QA guidelines for blood products

Category: Education

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methods of viral removal, viral inactivation, process design and new techniques of viral removal from blood products


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INTRODUCTION Human blood is the source of a wide range of medicinal products used for the prevention and treatment of a variety of often life-threatening injuries and diseases. Despite measures such as donor selection, testing of donations and of plasma pools, the transmission of blood-borne viruses by plasma and purified plasma products is still considered to constitute a risk to patients. Several procedures for virus inactivation and removal have proven to be robust and to contribute substantially to blood product safety.


Cont… The transmission of blood-borne viruses by plasma and purified plasma products is considered to constitute a risk to patients. The chances of transmission viral e.g. hepatitis B virus (HBV), hepatitis C virus (HCV) and human immunodeficiency virus (HIV) is still a serious problem in many areas of the world. The overall goal of the National Regulatory Authorities is to ensure that only blood products of demonstrated quality, safety and efficacy should be used.

Challenges and Issues: :

Challenges and Issues: To strengthen National Regulatory Authorities on quality assurance systems for the control of quality and safety of blood products. Need to assure quality and safety of blood and plasma globally to prevent transmission of blood-borne viral diseases via blood products. To facilitate access to and appropriate use of WHO International Reference Materials by national control laboratories or designated laboratories and manufacturers in developing countries. To promote support for the implementation of new manufacturing technologies to avoid viral contamination and other infectious agents via blood products .

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Categories of Human Blood products Concentrated red blood corpuscles. Platelets concentrates Granulocytes concentrates Fresh frozen plasma Cryoprecipitate ( concentrate of anti hemophiliac factor)

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Process of blood product Collection of blood for fractionation Inactivation of virus Pasteurization of albumin Heating of dry (lyophilized) products Heating of lyophilized products under humidified conditions (vapour heating) Solvent/detergent treatment 3 . Method of virus removal By precipitation By Nanofiltration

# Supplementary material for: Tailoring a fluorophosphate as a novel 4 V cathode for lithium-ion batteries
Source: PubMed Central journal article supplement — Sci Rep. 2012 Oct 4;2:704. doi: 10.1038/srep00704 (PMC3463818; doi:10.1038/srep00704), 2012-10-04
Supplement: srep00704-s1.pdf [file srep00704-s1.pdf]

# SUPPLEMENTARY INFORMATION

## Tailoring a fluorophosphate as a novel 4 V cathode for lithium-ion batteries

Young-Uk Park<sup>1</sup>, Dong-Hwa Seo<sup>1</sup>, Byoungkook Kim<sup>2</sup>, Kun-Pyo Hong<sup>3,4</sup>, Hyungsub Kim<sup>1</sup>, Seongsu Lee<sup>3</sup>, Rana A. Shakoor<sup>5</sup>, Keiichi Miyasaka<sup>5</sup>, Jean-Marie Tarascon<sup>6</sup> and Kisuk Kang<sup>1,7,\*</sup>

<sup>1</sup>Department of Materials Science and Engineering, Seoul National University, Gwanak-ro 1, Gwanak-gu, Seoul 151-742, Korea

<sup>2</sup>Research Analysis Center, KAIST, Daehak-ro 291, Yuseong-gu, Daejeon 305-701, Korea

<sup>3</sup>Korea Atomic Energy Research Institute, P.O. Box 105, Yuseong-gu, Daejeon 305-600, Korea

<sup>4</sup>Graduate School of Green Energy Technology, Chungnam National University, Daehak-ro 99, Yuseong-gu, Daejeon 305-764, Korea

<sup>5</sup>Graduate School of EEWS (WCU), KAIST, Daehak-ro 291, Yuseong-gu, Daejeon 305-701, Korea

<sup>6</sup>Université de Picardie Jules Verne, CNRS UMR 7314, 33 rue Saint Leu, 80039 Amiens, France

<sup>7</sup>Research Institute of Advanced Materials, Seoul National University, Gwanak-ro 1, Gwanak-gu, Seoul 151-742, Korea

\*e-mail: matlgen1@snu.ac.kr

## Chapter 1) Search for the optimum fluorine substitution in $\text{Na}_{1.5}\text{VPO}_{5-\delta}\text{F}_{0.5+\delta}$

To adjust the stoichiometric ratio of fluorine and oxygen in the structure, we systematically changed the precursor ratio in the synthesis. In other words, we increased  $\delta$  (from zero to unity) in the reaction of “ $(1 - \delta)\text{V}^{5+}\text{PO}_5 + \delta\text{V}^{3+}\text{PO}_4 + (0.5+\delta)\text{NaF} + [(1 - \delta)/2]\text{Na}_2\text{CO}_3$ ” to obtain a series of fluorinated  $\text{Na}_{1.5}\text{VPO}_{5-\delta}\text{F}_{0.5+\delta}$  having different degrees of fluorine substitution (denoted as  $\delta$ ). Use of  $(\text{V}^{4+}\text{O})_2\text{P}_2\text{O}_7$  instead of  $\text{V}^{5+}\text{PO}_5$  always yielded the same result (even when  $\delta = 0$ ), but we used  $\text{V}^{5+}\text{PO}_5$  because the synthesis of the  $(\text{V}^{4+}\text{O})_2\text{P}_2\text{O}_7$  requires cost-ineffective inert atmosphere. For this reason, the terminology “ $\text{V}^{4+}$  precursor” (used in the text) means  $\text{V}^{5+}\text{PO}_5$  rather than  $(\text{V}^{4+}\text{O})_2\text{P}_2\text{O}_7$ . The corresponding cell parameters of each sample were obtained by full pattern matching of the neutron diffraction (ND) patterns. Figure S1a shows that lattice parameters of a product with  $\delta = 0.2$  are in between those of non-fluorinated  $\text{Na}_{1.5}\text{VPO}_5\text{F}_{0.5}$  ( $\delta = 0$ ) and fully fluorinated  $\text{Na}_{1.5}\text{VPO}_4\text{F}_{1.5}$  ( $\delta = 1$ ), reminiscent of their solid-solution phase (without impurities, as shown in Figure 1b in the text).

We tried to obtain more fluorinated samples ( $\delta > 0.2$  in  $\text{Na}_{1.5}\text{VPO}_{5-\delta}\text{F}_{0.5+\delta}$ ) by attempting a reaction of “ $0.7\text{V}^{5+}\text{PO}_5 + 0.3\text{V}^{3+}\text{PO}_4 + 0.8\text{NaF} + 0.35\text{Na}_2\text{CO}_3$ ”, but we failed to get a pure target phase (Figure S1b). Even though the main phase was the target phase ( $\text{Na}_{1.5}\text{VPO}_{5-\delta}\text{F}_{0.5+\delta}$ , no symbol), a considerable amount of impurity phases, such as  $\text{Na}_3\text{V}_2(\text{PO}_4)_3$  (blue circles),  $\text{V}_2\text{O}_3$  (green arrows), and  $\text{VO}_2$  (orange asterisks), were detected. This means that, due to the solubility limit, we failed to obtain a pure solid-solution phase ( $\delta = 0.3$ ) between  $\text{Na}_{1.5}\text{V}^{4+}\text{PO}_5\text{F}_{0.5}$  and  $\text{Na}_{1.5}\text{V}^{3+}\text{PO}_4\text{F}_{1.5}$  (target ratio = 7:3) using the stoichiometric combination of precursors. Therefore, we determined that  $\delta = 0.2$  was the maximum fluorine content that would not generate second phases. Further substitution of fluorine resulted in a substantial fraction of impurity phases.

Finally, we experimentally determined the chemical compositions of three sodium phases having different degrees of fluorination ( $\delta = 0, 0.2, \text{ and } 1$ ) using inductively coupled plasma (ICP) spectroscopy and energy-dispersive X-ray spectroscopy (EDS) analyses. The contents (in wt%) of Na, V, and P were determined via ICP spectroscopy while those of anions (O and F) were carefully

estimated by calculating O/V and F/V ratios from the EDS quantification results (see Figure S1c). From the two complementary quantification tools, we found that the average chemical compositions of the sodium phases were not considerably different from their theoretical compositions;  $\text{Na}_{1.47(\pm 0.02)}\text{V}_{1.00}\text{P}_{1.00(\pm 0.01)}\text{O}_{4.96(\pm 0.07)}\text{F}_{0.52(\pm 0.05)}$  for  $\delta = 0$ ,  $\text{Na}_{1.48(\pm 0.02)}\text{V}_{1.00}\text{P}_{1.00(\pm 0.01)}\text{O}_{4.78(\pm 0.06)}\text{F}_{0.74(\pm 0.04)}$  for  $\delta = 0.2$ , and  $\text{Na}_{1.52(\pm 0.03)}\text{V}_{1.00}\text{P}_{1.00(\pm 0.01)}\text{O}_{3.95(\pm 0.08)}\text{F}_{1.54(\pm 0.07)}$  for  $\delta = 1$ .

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Collection of blood for fractionation Plasma shall be collected form license Blood Banks and store in frozen condition at -20 °C Individual plasma shall remain in quarantine till it is tested for Hepatitis B, Hepatitis C, HIV I, HIV II Individual plasma unit shall be tested and if sample is found negative, then shall be taken up for fractionation.

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Method of Virus Inactivation Pasteurization of albumin Albumin solutions are heated as a liquid at 60 ± 0.5 °C for 10–11 hours. Sterile filtration and dispensing into final containers (glass vials). To prevent denaturation of albumin, low concentrations of sodium caprylate alone or with n acetyl tryptophan are added. Infectious virus can no longer be detected after 10 minutes of treatment.

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Heating of dry (lyophilized) products Heating at 80 °C has produced favourable results with respect to transmission of HBV, HCV, HIV and HAV. But it leads to inactivation of coagulation factor. To prevent it, manufacturer has been treating coagulation factor with solvent/detergent. Also heats final product for 30 minutes at 100 °C.

Heating of lyophilized products under humidified conditions (vapour heating):

Heating of lyophilized products under humidified conditions (vapour heating) A higher level of virus inactivation can be achieved by the addition of water vapour before initiating the heat cycle. The freeze-dried product is transferred into a stainless steel tank where an amount of water vapours is slowly added to adjust the water content to 7–8% (w/w). The tank is flushed with dry nitrogen to remove oxygen, and a pressure test is performed to ensure that the cylinder is airtight.

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This cylinder is then transferred to a heating cabinet equipped with an electric heater and heated according to the temperature regimen specified for the particular product. After vapour heating, the heating cabinet is opened from the other side, and the product is further processed . Cont…

Solvent/detergent treatment: